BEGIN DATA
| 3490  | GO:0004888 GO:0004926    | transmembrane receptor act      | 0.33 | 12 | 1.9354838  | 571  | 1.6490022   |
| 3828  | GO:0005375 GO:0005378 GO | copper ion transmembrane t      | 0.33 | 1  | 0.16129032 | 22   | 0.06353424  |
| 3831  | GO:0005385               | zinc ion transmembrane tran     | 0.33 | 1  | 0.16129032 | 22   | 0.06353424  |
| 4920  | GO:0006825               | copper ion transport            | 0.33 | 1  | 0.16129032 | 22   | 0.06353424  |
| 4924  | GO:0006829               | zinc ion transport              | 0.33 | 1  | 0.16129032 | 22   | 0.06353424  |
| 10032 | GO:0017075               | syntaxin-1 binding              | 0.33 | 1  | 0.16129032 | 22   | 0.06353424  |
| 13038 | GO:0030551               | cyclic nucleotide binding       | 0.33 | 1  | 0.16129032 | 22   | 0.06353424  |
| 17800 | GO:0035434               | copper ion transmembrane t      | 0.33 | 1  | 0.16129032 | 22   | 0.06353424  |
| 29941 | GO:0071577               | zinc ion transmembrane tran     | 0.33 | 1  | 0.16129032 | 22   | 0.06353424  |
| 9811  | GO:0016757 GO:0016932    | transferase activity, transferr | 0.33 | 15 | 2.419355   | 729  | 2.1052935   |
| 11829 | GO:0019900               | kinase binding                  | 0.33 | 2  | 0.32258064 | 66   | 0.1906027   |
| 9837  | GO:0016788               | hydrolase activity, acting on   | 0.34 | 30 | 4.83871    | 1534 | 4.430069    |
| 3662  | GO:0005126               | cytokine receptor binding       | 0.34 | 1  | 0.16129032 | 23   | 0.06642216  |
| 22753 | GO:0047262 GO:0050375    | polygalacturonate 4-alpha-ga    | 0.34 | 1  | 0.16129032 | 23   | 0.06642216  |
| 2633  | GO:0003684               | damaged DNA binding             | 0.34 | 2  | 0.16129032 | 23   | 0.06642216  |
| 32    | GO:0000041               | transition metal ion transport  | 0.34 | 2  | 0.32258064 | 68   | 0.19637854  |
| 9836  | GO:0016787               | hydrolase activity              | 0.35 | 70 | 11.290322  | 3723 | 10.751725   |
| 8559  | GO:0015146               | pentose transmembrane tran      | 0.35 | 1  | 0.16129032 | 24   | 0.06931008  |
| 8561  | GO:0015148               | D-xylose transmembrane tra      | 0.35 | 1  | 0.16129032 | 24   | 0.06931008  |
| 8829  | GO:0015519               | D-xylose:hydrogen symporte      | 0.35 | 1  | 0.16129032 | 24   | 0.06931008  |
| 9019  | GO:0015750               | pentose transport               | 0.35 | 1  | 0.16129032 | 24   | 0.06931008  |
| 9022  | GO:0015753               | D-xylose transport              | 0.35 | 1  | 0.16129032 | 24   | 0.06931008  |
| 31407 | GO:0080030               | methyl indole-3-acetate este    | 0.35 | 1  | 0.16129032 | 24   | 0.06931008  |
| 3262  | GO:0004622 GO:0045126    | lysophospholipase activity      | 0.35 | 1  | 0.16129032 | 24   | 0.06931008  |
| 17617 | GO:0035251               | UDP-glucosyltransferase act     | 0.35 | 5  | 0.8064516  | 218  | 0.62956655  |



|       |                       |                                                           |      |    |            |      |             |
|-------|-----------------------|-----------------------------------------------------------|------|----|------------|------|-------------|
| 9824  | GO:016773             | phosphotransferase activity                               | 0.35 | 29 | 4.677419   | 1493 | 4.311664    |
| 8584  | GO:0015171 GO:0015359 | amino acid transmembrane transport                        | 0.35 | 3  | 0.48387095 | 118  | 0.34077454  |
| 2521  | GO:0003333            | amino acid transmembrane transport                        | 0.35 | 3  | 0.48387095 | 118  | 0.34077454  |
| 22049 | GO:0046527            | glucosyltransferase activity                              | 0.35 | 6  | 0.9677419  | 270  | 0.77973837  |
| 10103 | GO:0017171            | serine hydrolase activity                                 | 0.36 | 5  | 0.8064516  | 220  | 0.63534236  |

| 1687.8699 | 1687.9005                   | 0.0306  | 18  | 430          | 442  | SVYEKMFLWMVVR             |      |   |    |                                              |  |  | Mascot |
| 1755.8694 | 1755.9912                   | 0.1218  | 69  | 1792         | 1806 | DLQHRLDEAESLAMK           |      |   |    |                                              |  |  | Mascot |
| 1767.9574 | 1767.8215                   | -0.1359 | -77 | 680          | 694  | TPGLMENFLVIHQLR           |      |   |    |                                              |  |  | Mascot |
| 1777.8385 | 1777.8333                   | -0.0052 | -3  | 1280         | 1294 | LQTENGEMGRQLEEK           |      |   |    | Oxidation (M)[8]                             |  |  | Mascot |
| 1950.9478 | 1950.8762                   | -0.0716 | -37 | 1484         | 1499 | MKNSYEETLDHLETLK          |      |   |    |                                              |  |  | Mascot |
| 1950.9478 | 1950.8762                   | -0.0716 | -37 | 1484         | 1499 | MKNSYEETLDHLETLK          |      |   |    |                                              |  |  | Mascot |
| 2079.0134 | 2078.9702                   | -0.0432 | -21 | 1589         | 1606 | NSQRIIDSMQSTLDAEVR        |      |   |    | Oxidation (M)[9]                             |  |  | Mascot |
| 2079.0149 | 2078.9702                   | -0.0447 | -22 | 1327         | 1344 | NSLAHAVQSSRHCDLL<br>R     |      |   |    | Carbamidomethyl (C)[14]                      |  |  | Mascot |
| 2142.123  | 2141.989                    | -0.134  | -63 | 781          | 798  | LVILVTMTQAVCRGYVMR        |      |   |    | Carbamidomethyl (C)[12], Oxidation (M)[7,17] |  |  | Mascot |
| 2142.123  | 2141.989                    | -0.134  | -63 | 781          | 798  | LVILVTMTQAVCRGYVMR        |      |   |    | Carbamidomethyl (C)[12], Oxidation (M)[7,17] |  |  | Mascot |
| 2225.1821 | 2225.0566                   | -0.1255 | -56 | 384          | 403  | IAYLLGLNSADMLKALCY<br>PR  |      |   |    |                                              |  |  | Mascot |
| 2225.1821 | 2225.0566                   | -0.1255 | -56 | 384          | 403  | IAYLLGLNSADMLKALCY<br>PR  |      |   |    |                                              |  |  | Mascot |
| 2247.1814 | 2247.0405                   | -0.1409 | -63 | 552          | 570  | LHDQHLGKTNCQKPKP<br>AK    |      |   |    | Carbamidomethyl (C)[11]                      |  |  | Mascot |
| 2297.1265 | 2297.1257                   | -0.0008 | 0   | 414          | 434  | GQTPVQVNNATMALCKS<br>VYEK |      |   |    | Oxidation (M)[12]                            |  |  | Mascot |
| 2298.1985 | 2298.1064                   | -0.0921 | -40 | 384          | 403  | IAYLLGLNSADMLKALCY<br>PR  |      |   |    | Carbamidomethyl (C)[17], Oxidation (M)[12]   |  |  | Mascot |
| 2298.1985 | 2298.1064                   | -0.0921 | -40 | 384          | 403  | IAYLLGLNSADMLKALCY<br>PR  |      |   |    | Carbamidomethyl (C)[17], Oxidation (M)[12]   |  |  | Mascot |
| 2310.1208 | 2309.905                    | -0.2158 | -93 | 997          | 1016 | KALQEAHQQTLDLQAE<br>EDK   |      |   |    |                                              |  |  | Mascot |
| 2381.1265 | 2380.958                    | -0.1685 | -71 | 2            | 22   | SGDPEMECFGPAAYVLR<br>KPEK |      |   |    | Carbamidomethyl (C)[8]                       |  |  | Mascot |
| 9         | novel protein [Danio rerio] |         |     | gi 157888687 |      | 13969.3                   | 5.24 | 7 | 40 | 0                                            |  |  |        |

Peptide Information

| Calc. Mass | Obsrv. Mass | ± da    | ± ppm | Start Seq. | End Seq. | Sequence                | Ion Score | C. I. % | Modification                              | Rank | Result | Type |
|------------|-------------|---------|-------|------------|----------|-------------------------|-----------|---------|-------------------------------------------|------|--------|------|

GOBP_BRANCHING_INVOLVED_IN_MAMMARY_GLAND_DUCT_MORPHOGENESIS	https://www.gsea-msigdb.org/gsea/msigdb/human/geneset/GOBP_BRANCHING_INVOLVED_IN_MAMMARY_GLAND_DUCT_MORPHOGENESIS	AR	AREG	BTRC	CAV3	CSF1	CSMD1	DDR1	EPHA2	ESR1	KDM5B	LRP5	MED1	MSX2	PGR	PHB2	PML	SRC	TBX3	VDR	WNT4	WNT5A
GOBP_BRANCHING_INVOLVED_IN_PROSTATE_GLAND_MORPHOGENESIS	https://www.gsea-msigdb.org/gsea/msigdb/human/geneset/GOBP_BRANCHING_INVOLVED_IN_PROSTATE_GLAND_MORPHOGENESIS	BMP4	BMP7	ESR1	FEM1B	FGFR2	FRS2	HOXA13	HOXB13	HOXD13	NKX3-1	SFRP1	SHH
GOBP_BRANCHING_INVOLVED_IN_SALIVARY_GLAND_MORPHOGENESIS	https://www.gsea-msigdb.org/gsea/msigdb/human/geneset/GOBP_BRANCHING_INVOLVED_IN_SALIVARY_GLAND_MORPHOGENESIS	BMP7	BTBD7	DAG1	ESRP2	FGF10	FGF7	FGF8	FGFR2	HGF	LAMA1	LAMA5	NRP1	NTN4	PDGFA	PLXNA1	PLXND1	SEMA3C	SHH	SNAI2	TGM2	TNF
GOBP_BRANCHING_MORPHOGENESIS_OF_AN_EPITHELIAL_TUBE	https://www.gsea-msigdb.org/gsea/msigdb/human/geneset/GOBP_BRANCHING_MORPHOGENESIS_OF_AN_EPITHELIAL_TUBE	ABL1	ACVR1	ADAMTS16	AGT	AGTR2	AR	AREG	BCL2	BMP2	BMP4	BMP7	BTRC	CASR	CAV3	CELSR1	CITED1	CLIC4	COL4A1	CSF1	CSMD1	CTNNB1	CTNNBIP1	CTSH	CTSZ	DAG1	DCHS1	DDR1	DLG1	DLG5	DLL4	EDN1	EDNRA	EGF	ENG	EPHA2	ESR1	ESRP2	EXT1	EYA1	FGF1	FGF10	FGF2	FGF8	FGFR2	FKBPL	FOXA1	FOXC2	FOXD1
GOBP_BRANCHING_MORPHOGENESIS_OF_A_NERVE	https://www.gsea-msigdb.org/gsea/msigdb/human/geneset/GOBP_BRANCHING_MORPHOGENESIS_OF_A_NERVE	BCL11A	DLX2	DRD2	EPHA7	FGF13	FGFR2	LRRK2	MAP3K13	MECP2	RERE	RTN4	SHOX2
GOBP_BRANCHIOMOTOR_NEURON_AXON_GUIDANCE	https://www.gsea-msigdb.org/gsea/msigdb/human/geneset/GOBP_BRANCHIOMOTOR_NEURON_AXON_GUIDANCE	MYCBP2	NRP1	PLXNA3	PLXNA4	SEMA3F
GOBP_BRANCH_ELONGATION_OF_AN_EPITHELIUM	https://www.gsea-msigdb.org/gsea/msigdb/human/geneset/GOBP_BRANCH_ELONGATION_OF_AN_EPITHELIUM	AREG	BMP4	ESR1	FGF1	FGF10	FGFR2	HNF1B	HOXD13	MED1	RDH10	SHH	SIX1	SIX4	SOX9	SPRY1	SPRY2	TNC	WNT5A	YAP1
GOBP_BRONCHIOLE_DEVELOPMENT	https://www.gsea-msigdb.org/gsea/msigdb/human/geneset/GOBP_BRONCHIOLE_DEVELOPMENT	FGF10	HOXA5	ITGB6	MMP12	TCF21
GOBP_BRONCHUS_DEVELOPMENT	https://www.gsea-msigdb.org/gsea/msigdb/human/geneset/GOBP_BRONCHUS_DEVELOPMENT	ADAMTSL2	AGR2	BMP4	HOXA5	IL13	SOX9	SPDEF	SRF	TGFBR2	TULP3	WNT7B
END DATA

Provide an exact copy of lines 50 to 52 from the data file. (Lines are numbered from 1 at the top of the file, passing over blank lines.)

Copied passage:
| 2381.1265 | 2380.958                    | -0.1685 | -71 | 2            | 22   | SGDPEMECFGPAAYVLR<br>KPEK |      |   |    | Carbamidomethyl (C)[8]                       |  |  | Mascot |
| 9         | novel protein [Danio rerio] |         |     | gi 157888687 |      | 13969.3                   | 5.24 | 7 | 40 | 0                                            |  |  |        |

Peptide Information